Skip to main content

Pucks On The 'Net: Old Canada

With less than 100 days to go until the Pyeongchang Olympics, lots of people are trying to forecast the various Olympic hockey team rosters.

Of course that has become a much more difficult - and less fun - task ever since the NHL and IOC parted ways.

Canada's roster is particularly tough for us fans to get in on, as most of the players to be selected play in Europe. Many are players we may never have heard of, with a sprinkling of "he's still playing?!" types.

I thought CBC's Tim Wharnsby came up with a pretty good prediction roster here. Barring injuries, I think Wharnsby's predictions will largely come to fruition.

One thing that really jumped out at me is the age of the Canadians. It seems the average age of the players Wharnsby mentions is quite high, most pushing 30 years or higher.

At first glance this surprised me. Hockey seems to be more than ever a young man's game now. The NHL may see the average age of it's players this season dip below 27 for the first time ever. Moreover, Canada's brain trust - Sean Burke and Dave King in particular - should remember the pre-NHL Olympic teams were built largely on youth.

Canada largely has no choice, barring a late minute deal to land a couple junior stars. The Canadians playing in Europe tend to be older, as they trade their youth for minor league bus rides and a shot at the Canadian dream of playing in the big leagues. Not too many young Canadians hockey players head to Europe without first trying the North American pro scene.

Besides, European-league veterans are a little better acquainted with the bigger international ice surface and coaching tactics.

Beyond that, the fact that so few of those players are known to us fans actually excites me. There will be many great stories about our new cast of heroes. No, it won't be the same as Sidney Crosby and Carey Price going for gold, and the stories may prove more interesting than the games themselves.

But Olympic hockey is always interesting. 

Comments

Popular posts from this blog

100 Greatest Hockey Players Of All Time

What follows is a listing of the 100 greatest hockey players of all time, in my opinion. As discussed earlier, the definition of greatness is a very personalized endeavor and there is absolutely nothing wrong with it.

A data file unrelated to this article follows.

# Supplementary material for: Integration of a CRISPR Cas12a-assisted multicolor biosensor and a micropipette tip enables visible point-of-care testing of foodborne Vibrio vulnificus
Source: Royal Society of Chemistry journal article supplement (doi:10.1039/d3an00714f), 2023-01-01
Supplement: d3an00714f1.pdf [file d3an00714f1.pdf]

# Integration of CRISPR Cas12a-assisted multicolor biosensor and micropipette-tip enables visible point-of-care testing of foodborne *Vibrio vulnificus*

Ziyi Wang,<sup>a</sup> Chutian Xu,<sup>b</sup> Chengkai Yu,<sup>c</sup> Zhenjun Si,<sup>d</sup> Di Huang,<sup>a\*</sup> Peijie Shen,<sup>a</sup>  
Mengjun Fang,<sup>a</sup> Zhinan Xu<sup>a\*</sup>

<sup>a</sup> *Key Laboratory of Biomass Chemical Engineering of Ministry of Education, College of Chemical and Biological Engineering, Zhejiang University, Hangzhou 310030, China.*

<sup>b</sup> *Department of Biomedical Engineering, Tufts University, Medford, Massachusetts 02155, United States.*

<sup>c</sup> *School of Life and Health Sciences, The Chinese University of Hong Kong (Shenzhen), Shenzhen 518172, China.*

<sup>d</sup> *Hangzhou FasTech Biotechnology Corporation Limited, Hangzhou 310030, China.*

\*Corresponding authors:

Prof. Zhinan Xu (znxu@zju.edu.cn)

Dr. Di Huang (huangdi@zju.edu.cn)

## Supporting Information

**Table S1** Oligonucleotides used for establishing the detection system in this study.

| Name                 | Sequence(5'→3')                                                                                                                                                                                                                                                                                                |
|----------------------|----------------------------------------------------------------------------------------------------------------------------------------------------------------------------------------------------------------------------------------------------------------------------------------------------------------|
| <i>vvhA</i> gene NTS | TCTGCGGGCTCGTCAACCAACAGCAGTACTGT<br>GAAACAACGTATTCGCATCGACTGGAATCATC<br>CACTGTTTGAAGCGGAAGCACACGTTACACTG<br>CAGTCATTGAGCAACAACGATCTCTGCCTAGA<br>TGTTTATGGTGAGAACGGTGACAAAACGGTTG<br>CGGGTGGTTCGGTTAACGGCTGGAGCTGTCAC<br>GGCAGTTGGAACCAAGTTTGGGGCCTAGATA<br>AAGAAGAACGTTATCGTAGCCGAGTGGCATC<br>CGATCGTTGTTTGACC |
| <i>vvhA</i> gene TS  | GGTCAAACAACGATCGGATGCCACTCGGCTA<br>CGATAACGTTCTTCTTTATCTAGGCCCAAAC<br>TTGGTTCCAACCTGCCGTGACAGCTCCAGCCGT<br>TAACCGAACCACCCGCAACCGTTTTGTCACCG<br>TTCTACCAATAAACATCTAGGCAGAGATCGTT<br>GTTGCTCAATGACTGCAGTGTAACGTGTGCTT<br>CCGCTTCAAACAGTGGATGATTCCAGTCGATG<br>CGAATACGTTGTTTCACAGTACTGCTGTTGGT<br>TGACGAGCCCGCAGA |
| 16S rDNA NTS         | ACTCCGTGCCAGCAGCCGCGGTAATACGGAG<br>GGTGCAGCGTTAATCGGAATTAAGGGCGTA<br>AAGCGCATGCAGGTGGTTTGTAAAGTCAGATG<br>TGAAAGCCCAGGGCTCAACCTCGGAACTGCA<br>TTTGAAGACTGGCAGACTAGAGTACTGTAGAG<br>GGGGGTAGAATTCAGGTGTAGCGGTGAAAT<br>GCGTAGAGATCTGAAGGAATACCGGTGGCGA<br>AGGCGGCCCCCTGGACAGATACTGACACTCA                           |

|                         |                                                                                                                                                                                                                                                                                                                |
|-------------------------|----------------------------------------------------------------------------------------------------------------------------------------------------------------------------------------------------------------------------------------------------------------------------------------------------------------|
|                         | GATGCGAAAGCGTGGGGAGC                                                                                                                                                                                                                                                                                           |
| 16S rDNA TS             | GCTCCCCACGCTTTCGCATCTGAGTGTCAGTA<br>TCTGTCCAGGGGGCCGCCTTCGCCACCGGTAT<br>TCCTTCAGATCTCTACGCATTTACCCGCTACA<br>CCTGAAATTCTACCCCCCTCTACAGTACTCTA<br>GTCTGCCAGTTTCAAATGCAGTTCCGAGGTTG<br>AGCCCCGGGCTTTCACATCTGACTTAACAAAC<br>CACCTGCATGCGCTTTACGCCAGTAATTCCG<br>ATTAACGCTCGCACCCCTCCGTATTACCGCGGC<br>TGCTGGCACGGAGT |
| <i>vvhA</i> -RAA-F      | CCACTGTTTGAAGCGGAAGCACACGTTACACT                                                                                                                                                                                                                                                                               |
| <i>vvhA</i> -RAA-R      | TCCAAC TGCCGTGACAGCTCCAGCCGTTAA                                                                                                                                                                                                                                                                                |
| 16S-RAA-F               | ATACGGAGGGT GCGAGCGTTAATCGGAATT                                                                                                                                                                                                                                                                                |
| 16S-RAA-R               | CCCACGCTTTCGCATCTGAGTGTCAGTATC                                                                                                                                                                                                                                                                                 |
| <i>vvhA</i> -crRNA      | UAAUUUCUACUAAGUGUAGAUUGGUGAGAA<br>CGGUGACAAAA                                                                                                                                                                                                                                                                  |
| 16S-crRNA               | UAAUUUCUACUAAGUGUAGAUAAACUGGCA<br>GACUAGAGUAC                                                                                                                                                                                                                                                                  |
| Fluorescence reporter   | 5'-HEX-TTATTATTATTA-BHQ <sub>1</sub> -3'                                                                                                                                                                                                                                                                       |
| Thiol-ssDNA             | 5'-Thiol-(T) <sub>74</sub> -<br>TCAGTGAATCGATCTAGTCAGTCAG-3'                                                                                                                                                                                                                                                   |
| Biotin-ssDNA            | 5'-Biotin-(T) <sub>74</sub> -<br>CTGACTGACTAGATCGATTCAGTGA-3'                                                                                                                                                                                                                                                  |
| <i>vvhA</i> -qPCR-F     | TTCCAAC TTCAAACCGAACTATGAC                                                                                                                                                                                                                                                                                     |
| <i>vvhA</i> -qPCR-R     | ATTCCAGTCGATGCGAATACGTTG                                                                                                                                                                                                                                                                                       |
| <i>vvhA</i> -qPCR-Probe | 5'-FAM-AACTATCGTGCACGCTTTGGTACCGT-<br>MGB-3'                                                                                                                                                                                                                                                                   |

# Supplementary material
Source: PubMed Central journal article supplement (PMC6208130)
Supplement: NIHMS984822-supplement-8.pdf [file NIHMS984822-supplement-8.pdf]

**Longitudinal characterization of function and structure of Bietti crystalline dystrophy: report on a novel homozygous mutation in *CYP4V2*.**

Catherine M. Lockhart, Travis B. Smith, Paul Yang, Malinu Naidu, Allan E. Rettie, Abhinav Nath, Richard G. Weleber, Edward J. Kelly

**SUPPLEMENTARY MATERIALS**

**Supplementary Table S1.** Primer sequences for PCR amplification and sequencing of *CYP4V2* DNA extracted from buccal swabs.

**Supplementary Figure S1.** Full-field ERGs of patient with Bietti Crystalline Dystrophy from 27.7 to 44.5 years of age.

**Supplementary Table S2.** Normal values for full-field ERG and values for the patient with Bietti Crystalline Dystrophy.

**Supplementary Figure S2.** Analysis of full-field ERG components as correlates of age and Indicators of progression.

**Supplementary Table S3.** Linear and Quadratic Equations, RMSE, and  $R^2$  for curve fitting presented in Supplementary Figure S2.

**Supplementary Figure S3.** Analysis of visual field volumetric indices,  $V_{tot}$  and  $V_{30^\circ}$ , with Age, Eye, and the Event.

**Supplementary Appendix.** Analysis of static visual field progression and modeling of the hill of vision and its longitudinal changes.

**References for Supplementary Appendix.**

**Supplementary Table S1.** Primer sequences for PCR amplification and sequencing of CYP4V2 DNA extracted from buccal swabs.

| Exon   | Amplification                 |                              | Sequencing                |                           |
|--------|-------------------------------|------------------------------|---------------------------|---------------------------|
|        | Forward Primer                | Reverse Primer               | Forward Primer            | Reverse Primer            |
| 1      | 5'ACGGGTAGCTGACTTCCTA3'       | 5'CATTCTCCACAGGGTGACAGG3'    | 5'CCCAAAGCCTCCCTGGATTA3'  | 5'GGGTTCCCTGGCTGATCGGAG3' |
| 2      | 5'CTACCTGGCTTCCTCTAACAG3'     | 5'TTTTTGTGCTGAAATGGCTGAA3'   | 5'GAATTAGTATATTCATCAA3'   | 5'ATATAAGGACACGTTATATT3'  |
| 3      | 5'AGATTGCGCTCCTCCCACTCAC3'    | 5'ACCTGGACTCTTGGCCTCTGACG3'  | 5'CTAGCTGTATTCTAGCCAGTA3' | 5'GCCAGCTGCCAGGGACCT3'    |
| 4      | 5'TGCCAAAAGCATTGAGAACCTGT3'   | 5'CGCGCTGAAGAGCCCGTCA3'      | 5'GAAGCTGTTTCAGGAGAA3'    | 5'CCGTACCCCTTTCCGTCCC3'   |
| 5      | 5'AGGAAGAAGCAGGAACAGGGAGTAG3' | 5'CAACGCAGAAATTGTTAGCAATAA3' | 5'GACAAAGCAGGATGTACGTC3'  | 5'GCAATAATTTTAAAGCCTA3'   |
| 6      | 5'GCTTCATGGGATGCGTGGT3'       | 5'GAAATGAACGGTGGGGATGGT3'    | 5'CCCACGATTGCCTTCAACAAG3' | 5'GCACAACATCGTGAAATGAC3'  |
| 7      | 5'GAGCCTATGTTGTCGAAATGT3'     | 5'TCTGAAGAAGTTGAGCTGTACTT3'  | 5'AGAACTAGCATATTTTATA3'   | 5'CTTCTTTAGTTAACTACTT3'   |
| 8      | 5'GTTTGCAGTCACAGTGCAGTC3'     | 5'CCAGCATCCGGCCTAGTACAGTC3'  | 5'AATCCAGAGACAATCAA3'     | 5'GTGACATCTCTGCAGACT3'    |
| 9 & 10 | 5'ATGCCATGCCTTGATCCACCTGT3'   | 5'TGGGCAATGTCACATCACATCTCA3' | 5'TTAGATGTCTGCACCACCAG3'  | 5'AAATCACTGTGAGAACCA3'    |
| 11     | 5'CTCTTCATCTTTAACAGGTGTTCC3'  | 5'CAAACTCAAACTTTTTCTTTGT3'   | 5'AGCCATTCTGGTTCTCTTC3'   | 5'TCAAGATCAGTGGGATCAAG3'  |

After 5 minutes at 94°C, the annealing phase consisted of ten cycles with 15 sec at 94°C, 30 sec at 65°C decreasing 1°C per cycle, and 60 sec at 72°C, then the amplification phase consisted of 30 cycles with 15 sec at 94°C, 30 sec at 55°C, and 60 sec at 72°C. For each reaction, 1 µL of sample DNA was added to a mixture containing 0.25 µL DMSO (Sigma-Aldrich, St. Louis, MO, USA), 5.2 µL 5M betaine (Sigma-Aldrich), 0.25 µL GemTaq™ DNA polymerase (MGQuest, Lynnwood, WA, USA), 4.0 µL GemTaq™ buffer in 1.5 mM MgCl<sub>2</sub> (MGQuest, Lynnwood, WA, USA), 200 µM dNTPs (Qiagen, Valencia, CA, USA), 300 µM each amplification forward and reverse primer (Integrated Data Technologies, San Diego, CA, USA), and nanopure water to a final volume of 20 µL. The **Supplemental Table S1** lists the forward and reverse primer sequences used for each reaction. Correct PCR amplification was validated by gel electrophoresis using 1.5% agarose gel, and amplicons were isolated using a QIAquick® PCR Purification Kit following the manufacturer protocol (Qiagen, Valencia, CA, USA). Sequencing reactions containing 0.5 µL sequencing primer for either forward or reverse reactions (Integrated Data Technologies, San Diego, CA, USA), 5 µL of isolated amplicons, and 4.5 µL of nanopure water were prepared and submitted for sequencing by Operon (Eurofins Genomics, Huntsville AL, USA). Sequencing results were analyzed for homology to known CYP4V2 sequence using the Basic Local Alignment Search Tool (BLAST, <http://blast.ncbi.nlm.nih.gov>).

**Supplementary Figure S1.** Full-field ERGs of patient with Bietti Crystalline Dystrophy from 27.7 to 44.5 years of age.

While there is no way of ever truly ranking the top 100 definitively, it is important for the creators of such lists to be open and transparent of how the came to their conclusions. That accountability allows the reader to better understand the process. 

Although admittedly I'm using a completely unscientific formula, I weigh career achievements (era statistics, awards, championships) and legacy (impact on and off ice, peak dominance) equally high. I rank player ability as the third most important ingredient, as first and foremost as a tie breaker. Hence, I'm not necessarily looking for the better player, as in text book definitions of what a hockey player should be, but for players with the greatest careers and greatest legacies. Therefore the best player is not n…

Top Ten Junior Players Of All Time

Let's take a look at the Top Ten junior players of all time. For the purposes of this list we will at players in the WHL, OHL and QMJHL only.

10. Pat Lafontaine, Verdun, QMJHL Rookie-record 104 goals, 234 points in 1982-83; major junior player of the year.

9. Denis Potvin, Ottawa, OHL 254 games, 95 goals, 234 assists, 329 points. Broke Bobby Orr's junior records.

8. John Tavares, Oshawa, OHL 215 goals, 433 points in 247 games; most goals in OHL history; eligibility rules changed to admit him at 15; 2006 major junior rookie of the year, 2007 major junior player of the year; two world juniors, named 2009 all-star, top forward and MVP.

7. Sidney Crosby, Rimouski, QMJHL 120 goals, 303 points in 121 games; two-time major junior player of the year; silver and gold with Canada at two world juniors.

6. Eric Lindros, Oshawa, OHL 97 goals, 216 points in 95 games; one Memorial Cup victory; three world junior tournaments; major junior player of the year in 1991.

5. Mike Bossy, Laval, Q…

Greatest Hockey Legends: M